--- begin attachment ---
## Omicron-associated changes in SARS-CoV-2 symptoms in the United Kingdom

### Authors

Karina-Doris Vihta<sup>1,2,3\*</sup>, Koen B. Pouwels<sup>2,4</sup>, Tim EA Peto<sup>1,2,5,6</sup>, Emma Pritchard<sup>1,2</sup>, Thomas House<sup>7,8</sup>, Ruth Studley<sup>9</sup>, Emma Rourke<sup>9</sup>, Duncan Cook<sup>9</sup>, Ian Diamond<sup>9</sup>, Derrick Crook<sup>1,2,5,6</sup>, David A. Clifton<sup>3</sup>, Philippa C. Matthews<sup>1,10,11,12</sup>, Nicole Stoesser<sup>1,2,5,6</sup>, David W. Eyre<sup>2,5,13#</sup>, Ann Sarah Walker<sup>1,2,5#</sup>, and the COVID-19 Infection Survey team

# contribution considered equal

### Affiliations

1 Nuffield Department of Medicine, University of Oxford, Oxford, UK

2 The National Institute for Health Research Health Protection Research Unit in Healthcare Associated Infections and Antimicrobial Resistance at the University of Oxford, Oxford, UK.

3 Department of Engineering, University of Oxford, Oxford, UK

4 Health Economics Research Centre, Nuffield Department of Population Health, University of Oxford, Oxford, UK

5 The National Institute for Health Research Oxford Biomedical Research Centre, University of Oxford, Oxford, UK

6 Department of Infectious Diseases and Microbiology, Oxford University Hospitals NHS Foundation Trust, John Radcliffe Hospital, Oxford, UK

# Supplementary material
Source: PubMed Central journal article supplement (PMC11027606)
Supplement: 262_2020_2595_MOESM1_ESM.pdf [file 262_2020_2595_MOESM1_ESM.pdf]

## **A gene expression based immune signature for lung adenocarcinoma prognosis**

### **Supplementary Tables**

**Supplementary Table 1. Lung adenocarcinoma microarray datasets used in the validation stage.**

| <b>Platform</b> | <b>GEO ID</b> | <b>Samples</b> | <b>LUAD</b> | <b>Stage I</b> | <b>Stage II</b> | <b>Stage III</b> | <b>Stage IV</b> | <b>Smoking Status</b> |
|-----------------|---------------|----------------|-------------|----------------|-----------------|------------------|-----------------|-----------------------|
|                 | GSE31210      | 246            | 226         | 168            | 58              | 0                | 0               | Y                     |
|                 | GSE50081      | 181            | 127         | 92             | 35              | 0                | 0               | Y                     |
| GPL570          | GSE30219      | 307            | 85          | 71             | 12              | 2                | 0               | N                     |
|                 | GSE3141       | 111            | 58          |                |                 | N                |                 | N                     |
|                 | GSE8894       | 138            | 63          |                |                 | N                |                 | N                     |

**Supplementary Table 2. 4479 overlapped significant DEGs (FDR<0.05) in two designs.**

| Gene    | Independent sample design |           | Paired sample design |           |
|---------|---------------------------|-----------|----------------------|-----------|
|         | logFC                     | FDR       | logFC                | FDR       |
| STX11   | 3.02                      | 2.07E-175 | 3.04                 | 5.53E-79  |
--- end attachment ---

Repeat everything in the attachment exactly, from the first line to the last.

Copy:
## Omicron-associated changes in SARS-CoV-2 symptoms in the United Kingdom

### Authors

Karina-Doris Vihta<sup>1,2,3\*</sup>, Koen B. Pouwels<sup>2,4</sup>, Tim EA Peto<sup>1,2,5,6</sup>, Emma Pritchard<sup>1,2</sup>, Thomas House<sup>7,8</sup>, Ruth Studley<sup>9</sup>, Emma Rourke<sup>9</sup>, Duncan Cook<sup>9</sup>, Ian Diamond<sup>9</sup>, Derrick Crook<sup>1,2,5,6</sup>, David A. Clifton<sup>3</sup>, Philippa C. Matthews<sup>1,10,11,12</sup>, Nicole Stoesser<sup>1,2,5,6</sup>, David W. Eyre<sup>2,5,13#</sup>, Ann Sarah Walker<sup>1,2,5#</sup>, and the COVID-19 Infection Survey team

# contribution considered equal

### Affiliations

1 Nuffield Department of Medicine, University of Oxford, Oxford, UK

2 The National Institute for Health Research Health Protection Research Unit in Healthcare Associated Infections and Antimicrobial Resistance at the University of Oxford, Oxford, UK.

3 Department of Engineering, University of Oxford, Oxford, UK

4 Health Economics Research Centre, Nuffield Department of Population Health, University of Oxford, Oxford, UK

5 The National Institute for Health Research Oxford Biomedical Research Centre, University of Oxford, Oxford, UK

6 Department of Infectious Diseases and Microbiology, Oxford University Hospitals NHS Foundation Trust, John Radcliffe Hospital, Oxford, UK

# Supplementary material
Source: PubMed Central journal article supplement (PMC11027606)
Supplement: 262_2020_2595_MOESM1_ESM.pdf [file 262_2020_2595_MOESM1_ESM.pdf]

## **A gene expression based immune signature for lung adenocarcinoma prognosis**

### **Supplementary Tables**

**Supplementary Table 1. Lung adenocarcinoma microarray datasets used in the validation stage.**

| <b>Platform</b> | <b>GEO ID</b> | <b>Samples</b> | <b>LUAD</b> | <b>Stage I</b> | <b>Stage II</b> | <b>Stage III</b> | <b>Stage IV</b> | <b>Smoking Status</b> |
|-----------------|---------------|----------------|-------------|----------------|-----------------|------------------|-----------------|-----------------------|
|                 | GSE31210      | 246            | 226         | 168            | 58              | 0                | 0               | Y                     |
|                 | GSE50081      | 181            | 127         | 92             | 35              | 0                | 0               | Y                     |
| GPL570          | GSE30219      | 307            | 85          | 71             | 12              | 2                | 0               | N                     |
|                 | GSE3141       | 111            | 58          |                |                 | N                |                 | N                     |
|                 | GSE8894       | 138            | 63          |                |                 | N                |                 | N                     |

**Supplementary Table 2. 4479 overlapped significant DEGs (FDR<0.05) in two designs.**

| Gene    | Independent sample design |           | Paired sample design |           |
|---------|---------------------------|-----------|----------------------|-----------|
|         | logFC                     | FDR       | logFC                | FDR       |
| STX11   | 3.02                      | 2.07E-175 | 3.04                 | 5.53E-79  |